But the Kings can intensify a fall through the standings by trading supporting players like Darren Collison, Arron Afflalo and Ben McLemore.

Chris Mannix of Yahoo Sports:

The Kings excised Cousins, and there are strong indications they are not done dealing, either. Sacramento is determined to restock the franchise with assets, and will be targeting rookie-deal players and draft picks in the coming days, sources told The Vertical. Free agents-to-be Ben McLemore and Darren Collison are available, sources said, as is Arron Afflalo, a solid bench scorer with a manageable contract.

Collison is the Kings’ starting point guard, and he’d be solid for a team seeking a rental. He’s making $5,229,454 in the final year of his contract. Trading a starter would certainly help Sacramento keep its pick in the top 10.

Afflalo ($1.5 million of $12.5 million guaranteed next year) and McLemore (who can be made a restricted free agent next summer) are producing far less. It’s less likely other teams covet them. At least keeping these two guards probably won’t lift the Kings too high in the standings.

Paul Pierce uses two phones at dunk contest, says props shouldn’t be allowed

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Paul Pierce — NBA veteran and emoji enthusiast — used not one but two smartphones to record the action during Saturday night’s underwhelming dunk contest. Why was Pierce doing this? Perhaps he wanted to have an extra copy of it because he doesn’t trust “the cloud”. Or maybe he’s doing some work as a social media manager on the sly. You know, getting a jump on that retirement thing.

Or maybe this is just something that Pierce really likes to do:

Whatever he’s doing, I’m not sure if he looks like a boss or like a goober doing it. I feel this accurately sums up Paul Pierce’s aesthetic.

Meanwhile, after Glenn Robinson III won the 2017 NBA Dunk Contest, Pierce had some thoughts that he expressed via Twitter.

Pierce may have a point. Jeremy Evans dunking over a painting of himself in 2013 immediately felt pretty ridiculous. But eliminating props entirely? I’m not so sure about that. How would they sell Kias then?

DeMarcus Cousins projects to miss out on at least $29.87 million due to trade

NEW ORLEANS, LA - FEBRUARY 17:  DeMarcus Cousins #15 of the Sacramento Kings speaks with the media during media availability for the 2017 NBA All-Star Game at The Ritz-Carlton New Orleans on February 17, 2017 in New Orleans, Louisiana.  (Photo by Ronald Martinez/Getty Images)
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DeMarcus Cousins was all smiles the moment he appeared to find out about his trade, or at least trade rumors of going, from the Kings to the Pelicans.

But once he examines the deal closer, he might not like every aspect.

Cousins stands to miss out on a lot of money — about $30 million or more — due to this trade.

Because he made All-NBA teams the last two seasons, he was eligible to sign a designated-veteran-player contract extension this summer. As a matter of fact, he reportedly planned to do just that with Sacramento reportedly planning to offer it. That extension projected to be worth $209,090,000 over five years ($41,818,000 annually).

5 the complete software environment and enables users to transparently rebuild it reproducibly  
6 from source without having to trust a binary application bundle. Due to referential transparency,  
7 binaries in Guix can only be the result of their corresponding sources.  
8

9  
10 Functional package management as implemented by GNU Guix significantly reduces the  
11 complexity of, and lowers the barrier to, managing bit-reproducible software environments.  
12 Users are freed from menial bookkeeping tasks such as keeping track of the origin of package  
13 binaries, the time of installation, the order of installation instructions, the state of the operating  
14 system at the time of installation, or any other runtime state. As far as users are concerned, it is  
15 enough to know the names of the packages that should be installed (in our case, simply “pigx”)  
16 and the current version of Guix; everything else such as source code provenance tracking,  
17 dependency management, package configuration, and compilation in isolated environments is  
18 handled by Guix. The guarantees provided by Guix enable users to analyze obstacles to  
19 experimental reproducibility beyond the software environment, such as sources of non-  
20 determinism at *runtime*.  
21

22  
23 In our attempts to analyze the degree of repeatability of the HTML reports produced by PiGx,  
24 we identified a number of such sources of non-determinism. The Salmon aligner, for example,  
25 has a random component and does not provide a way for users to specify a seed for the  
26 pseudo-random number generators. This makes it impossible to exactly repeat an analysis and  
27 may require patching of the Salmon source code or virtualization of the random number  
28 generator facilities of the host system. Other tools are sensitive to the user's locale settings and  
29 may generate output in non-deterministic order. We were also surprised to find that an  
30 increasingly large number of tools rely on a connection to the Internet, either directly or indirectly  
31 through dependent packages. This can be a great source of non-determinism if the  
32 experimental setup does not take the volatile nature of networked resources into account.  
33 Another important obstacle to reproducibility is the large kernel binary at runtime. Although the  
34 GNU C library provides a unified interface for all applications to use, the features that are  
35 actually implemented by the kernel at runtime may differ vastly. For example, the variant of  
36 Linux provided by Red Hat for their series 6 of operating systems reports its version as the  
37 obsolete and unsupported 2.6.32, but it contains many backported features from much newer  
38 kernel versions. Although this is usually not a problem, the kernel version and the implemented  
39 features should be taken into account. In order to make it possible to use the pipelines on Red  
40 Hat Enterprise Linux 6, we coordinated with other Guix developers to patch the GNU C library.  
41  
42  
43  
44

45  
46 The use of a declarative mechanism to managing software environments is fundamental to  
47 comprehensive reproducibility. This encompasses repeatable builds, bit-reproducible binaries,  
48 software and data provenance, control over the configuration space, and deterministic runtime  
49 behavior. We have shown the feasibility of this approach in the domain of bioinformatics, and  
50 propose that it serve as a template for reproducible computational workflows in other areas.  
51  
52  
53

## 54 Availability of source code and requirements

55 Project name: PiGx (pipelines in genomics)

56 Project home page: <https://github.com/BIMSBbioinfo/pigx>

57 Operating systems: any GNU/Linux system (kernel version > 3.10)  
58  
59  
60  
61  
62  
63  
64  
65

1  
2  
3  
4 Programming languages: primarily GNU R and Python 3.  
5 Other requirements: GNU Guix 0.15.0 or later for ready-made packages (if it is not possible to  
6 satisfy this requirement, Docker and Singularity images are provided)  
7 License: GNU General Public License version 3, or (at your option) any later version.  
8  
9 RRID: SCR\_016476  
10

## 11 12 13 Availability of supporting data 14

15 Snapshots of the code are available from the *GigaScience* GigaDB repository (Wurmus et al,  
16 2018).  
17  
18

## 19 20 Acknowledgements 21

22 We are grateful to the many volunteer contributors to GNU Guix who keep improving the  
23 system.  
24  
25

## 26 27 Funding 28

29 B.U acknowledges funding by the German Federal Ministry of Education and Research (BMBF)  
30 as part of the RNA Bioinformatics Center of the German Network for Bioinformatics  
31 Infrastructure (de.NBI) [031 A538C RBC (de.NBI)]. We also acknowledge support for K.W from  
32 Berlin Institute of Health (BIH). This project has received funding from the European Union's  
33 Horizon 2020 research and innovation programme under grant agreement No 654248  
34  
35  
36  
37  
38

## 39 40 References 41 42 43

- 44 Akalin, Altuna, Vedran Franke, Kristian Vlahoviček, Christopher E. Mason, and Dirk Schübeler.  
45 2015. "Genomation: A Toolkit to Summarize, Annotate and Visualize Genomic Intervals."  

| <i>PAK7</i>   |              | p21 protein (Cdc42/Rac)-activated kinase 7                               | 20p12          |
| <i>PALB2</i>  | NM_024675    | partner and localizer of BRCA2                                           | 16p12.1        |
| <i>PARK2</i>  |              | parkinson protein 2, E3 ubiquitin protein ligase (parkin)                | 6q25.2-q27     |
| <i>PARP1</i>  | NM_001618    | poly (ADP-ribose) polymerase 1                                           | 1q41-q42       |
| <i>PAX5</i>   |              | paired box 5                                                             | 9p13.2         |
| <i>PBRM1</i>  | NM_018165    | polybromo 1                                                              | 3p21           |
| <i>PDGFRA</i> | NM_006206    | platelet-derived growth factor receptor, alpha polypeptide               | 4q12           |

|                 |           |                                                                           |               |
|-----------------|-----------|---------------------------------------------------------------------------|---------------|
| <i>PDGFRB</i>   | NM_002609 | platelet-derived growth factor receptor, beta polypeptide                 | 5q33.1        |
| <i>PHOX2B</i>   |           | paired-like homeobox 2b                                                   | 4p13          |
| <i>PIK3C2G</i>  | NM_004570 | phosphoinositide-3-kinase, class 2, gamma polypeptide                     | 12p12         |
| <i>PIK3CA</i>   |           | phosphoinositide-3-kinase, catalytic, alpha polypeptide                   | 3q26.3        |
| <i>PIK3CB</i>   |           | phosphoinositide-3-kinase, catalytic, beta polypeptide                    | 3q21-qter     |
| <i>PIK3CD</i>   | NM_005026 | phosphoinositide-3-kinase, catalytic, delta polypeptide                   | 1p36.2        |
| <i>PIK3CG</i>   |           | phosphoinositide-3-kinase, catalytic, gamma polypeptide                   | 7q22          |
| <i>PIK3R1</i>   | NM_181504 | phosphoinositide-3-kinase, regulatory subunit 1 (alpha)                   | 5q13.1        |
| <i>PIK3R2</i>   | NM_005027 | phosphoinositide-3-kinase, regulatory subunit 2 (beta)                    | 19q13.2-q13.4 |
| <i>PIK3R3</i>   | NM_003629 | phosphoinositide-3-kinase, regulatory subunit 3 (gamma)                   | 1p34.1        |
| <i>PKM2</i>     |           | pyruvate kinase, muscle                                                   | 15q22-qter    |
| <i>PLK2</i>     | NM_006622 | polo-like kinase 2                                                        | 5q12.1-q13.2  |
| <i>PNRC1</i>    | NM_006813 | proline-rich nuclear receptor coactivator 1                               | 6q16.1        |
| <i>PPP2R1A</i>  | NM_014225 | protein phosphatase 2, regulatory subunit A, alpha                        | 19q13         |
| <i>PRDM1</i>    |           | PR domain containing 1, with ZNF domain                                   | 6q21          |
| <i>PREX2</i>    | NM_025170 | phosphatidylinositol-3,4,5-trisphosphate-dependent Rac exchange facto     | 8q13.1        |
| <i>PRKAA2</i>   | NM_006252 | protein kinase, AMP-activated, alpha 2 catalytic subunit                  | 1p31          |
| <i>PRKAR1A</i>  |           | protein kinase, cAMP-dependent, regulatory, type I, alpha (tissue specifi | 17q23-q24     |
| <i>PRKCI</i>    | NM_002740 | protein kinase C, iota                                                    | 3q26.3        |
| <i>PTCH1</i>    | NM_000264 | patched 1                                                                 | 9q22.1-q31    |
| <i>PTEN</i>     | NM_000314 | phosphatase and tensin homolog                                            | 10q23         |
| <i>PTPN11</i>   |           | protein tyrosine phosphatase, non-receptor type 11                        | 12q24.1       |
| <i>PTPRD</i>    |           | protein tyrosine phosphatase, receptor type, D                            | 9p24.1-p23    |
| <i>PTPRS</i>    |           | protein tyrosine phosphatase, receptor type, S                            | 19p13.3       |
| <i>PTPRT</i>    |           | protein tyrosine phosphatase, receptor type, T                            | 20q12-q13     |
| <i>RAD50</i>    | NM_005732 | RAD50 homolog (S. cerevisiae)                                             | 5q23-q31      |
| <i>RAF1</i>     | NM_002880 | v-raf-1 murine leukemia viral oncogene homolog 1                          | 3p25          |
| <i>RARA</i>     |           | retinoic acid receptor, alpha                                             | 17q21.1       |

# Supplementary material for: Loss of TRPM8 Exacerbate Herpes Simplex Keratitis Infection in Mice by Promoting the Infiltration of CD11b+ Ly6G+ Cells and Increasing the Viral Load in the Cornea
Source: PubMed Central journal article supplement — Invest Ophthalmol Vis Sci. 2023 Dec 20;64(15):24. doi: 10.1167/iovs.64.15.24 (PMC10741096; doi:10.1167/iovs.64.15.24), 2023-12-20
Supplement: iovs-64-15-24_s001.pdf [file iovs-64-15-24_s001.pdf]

But, once officially dealt, Cousins will no longer be eligible for that super-max extension. It’s reserved for players still with their original team or who changed teams only via trade during their first four years.

This is Cousins’ seventh season, dropping his max starting salary in 2018 from 35% of the salary cap as a designated veteran player to 30%. That projects to be $179,220,000 over five years ($35,844,000 annually) if he re-signs.

It’d be even less if he leaves New Orleans, a projected $132,870,000 over four years ($33,217,500 annually).

Notice how small that difference is now between his incumbent team and other suitors. By rule, the Pelicans won’t hold nearly the same advantage in keeping him as the Kings would have. In other words, New Orleans faces greater risk of Cousins walking.

And there’s no guarantee Cousins gets the max. You saw how little the Pelicans traded for him. That speaks to his value around the league.

Just over a month ago, Cousins appeared content to take $209 million or so and stay in Sacramento. Now, his financial future is far more uncertain. But this much we know: His max possible salary on his next contract just got lowered.

Is this the moment DeMarcus Cousins found out he was traded? (video)

NEW ORLEANS, LA - FEBRUARY 18:  DeMarcus Cousins #15 of the Sacramento Kings attends practice for the 2017 NBA All-Star Game at the Mercedes-Benz Superdome on February 18, 2017 in New Orleans, Louisiana.  (Photo by Ronald Martinez/Getty Images)
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NEW ORLEANS — DeMarcus Cousins was set to answer questions after the All-Star game, when a Kings public-relations official said, “All-Star questions first, please. All-Star-game questions.”

“What other questions we got?” Cousins asked, seemingly unaware of his trade to the Pelicans.

The PR person whispered in Cousins’ ear.

“Oh, really?” Cousins asked.

More whispering.

“It’s whatever,” Cousins said.

Then, asked about his All-Star experience, Cousins smiled big and said, “It was amazing, man. I enjoyed the city of New Orleans. I love it here in New Orleans.”